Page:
Professor Shapiro says it's too cold out for the cabbage white to fly. "Both yesterday (Thursday, Jan. 1) and today (Friday, Jan. 2) were too cold for even the 'hibernator' Vanessas to come out," he said. "I don't expect rapae before AT LEAST the 13th. By the way, the prognosis looks quite dry through mid-January, but the 90-day outlook is quite wet. In late September, I forecast 130 percent of average rainfall for the season. I'm sticking with that."
Shapiro not only knows butterflies but he knows the weather. His opinion of what's happening with the California weather? (Heavy rains, flooding, heavy rains, flooding.)
"It's a drought. We'd need at least 150 percent, better 200 percent of average seasonal rainfall to get the reservoirs to the point where water managers could undeclared the drought," he said in an email today. "But even if we got that--say with a series of Pineapple Express storms--prudence would dictate releasing some of the inflow to make room for more. It's a crap shoot. This is California, where booms and busts are born. By the way, the snow level has been high so far, so even though the snow is Sierra cement and has a high water content, the pack is mostly above 7500', so the area is pretty small (look at a satellite photo) and no part of the Sierra is carrying more than 50 percent of its seasonal storage capacity."
The "Beer for a Buttterfly" contest is all part of Shapiro's four-decade study of climate and butterfly seasonality. “It is typically one of the first butterflies to emerge in late winter. Since 1972, the first flight has varied from Jan. 1 to Feb. 22, averaging about Jan. 20.”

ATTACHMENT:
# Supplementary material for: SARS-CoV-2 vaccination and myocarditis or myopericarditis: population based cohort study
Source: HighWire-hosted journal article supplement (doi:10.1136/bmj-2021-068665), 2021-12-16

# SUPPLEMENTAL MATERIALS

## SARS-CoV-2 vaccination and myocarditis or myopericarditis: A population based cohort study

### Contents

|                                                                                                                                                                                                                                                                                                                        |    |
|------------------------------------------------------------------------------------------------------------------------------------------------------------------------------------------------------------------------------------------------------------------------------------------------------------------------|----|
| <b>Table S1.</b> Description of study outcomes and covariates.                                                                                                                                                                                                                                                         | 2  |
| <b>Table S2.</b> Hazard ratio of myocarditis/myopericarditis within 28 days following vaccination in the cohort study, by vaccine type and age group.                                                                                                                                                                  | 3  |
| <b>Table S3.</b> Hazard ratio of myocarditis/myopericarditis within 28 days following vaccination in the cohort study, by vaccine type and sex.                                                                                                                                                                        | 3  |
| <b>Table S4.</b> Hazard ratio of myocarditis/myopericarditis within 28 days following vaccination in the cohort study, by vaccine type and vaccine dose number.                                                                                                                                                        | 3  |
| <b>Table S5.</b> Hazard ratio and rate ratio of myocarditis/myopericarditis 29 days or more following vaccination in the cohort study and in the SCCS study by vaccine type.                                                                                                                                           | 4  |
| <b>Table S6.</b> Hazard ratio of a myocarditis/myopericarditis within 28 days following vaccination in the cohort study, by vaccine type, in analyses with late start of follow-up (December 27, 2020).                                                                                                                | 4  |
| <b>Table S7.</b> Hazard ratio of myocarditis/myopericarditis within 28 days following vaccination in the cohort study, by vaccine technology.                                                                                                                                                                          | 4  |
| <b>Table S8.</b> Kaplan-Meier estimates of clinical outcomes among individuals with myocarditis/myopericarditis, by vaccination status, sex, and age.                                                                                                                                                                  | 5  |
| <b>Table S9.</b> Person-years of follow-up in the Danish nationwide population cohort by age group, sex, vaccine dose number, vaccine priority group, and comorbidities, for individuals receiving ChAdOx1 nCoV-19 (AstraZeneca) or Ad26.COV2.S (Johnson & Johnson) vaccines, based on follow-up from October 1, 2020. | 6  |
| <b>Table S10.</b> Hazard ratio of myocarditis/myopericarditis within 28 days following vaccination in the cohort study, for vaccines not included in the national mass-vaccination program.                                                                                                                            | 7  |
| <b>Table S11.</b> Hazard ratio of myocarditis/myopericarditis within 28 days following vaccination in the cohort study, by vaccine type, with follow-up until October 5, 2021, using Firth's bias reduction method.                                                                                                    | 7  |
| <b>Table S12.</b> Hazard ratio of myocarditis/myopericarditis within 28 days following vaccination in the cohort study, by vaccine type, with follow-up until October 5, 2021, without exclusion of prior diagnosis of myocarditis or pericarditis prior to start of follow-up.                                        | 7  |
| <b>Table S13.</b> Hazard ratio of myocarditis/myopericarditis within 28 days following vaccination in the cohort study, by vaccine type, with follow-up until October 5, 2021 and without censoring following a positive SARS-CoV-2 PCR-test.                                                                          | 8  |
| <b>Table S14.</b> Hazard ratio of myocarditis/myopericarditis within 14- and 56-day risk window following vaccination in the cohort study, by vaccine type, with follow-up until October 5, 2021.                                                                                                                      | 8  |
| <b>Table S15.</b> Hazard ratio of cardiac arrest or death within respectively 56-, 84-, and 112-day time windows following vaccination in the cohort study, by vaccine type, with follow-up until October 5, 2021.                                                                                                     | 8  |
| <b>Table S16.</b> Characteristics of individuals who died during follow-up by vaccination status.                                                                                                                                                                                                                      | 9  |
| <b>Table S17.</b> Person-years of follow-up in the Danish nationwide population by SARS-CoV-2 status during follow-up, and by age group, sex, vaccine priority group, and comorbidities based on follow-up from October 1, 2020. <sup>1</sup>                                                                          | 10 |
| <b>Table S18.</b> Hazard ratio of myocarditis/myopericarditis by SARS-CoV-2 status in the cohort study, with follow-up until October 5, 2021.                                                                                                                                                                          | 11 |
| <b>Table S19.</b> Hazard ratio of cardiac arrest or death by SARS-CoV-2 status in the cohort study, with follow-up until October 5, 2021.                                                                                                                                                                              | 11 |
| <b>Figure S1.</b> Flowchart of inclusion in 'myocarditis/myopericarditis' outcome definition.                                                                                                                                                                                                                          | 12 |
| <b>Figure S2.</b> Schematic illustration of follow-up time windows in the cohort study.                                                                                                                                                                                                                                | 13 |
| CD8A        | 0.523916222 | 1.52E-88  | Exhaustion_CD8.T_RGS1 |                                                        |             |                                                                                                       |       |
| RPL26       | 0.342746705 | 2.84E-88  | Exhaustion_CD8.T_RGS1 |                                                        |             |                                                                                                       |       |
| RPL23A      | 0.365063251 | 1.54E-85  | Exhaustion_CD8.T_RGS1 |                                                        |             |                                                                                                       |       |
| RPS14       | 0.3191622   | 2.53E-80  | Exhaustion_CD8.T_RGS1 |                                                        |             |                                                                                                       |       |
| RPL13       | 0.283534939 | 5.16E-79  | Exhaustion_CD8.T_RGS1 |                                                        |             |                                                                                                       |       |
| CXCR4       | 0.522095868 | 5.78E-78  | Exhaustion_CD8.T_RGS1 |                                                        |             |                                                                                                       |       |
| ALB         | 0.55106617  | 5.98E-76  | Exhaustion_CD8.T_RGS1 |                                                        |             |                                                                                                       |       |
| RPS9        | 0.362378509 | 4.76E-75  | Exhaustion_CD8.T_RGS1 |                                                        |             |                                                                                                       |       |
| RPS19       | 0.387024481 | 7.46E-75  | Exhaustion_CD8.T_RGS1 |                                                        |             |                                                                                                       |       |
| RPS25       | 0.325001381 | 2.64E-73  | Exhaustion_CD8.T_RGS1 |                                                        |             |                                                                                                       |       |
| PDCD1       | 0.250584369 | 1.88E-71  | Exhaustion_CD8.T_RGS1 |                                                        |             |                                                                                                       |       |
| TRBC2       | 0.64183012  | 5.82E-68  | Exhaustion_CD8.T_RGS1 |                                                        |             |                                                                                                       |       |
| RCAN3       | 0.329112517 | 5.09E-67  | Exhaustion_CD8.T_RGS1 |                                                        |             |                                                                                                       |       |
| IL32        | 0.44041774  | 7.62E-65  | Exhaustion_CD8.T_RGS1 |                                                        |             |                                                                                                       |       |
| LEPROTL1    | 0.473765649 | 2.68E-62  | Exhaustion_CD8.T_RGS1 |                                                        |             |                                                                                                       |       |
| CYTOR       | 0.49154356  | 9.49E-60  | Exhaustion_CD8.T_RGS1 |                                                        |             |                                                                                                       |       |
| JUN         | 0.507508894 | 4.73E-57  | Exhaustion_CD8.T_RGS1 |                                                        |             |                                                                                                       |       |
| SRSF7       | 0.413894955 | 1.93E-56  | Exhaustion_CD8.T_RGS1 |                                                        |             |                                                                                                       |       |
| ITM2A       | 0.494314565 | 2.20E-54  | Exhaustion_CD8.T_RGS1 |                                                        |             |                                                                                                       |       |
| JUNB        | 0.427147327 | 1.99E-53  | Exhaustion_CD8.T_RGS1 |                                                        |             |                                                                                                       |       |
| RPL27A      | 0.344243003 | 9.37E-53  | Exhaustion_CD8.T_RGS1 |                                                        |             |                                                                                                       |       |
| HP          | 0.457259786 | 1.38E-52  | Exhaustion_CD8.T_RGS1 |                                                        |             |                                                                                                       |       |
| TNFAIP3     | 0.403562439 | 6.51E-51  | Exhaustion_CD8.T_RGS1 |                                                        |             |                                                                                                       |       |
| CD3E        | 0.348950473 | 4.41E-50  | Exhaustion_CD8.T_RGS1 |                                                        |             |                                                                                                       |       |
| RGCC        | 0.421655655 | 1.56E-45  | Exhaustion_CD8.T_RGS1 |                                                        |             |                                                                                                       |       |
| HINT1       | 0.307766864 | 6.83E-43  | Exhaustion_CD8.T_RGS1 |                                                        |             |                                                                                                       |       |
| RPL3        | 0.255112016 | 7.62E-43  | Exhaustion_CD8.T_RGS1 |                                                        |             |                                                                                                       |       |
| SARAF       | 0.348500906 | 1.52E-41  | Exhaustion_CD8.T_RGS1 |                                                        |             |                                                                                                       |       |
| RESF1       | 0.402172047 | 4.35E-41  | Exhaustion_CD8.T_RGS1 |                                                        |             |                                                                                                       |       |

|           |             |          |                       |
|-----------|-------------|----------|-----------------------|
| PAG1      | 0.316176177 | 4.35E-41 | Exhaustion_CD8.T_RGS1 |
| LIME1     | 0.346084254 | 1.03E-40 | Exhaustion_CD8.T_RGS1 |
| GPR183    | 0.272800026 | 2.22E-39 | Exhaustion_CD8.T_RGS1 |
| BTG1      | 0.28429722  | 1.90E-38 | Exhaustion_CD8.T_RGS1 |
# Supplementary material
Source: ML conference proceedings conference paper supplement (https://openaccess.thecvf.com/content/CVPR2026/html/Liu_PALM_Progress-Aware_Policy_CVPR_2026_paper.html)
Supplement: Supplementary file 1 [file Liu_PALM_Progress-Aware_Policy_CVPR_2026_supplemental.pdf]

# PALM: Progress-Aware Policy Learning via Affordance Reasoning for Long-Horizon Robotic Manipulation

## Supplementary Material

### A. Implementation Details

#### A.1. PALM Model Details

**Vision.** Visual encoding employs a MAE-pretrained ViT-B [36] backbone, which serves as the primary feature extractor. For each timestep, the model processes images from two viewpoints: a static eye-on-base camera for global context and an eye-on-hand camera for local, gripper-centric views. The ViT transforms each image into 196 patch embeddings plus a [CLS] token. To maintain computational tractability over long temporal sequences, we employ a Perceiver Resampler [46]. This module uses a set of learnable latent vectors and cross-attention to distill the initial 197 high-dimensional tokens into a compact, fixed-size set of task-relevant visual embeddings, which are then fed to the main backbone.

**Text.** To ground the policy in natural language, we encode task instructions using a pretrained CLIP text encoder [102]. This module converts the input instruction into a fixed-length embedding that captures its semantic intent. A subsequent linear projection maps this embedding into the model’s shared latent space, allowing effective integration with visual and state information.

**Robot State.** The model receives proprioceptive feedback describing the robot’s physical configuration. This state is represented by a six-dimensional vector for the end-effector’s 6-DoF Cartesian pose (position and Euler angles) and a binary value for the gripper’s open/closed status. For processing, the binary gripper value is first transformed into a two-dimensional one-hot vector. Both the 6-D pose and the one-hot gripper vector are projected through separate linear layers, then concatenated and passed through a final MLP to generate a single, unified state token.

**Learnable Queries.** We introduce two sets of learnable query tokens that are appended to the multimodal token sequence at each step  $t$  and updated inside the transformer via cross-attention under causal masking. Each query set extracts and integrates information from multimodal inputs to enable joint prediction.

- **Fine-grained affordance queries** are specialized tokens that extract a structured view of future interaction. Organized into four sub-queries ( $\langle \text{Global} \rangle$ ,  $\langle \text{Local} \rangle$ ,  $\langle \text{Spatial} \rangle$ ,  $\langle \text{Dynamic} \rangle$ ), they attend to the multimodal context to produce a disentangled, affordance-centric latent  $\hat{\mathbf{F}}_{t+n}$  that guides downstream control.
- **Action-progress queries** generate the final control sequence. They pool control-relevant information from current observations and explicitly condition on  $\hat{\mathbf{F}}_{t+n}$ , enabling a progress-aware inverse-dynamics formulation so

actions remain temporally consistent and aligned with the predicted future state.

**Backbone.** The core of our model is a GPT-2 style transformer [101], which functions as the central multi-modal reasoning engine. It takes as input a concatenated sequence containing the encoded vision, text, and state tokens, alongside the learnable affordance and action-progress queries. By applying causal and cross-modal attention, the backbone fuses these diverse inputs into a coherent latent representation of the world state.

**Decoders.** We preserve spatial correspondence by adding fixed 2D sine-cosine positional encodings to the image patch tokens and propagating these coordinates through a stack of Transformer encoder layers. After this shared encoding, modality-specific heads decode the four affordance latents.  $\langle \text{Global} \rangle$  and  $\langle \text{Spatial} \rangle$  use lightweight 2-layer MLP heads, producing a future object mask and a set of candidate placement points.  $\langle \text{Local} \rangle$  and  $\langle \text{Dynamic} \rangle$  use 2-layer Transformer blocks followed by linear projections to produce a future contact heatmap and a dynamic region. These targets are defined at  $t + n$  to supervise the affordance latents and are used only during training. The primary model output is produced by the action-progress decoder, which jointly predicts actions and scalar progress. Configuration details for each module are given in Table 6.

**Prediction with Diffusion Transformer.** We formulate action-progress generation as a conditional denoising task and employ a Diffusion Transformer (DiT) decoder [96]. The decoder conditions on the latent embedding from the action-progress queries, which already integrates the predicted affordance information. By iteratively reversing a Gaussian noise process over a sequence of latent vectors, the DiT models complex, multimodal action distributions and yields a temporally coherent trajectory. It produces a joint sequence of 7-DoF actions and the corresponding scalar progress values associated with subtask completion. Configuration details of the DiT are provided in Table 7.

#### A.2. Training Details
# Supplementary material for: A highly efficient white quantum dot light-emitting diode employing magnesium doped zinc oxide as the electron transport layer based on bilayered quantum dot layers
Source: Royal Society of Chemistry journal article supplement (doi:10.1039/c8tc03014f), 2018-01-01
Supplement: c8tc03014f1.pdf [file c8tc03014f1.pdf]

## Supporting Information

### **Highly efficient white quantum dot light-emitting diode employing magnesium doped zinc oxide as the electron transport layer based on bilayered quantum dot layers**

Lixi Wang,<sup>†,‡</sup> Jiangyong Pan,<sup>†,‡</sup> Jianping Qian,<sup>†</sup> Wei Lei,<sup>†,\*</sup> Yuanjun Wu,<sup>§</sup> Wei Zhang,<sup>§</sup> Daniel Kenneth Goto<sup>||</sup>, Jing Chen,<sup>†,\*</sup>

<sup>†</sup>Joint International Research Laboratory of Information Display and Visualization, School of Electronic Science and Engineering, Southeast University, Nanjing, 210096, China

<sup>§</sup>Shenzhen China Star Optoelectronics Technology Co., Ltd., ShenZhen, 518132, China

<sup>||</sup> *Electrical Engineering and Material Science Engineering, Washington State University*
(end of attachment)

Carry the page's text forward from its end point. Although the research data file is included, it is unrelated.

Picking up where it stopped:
Shapiro says his long-term studies of butterfly life cycles and climate "are especially important to help us understand biological responses to climate change. The cabbage white is now emerging a week or so earlier on average than it did 30 years ago here."
Shapiro, who is in the field more than 200 days a year, usually wins his own contest. He knows where and when to look. In 2014, he netted the winning butterfly at 12:20 p.m. Tuesday, Jan. 14 in West Sacramento, Yolo County. It ranked as "the fifth or sixth earliest since 1972."
The contest rules include:
- It must be an adult (no caterpillars or pupae) and be captured outdoors.
- It must be brought in alive to the department office, 2320 Storer Hall, UC Davis, during work hours, 8 a.m. to 5 p.m., Monday through Friday, with the full data (exact time, date and location of the capture) and your name, address, phone number and/or e-mail. The receptionist will certify that it is alive and refrigerate it. (If you collect it on a weekend or holiday, keep it in a refrigerator; do not freeze. A few days in the fridge will not harm it.)
- Shapiro is the sole judge.
Shapiro has been defeated only three times since 1972. And all were his graduate students. Adam Porter defeated him in 1983; and Sherri Graves and Rick VanBuskirk each won in the late 1990s.
Shapiro maintains a website on butterflies, where he records the population trends he monitors in Central California. He and biologist/writer/photographer Tim Manolis co-authored A Field Guide to Butterflies of the San Francisco Bay and Sacramento Valley Regions, published in 2007 by the University of California Press.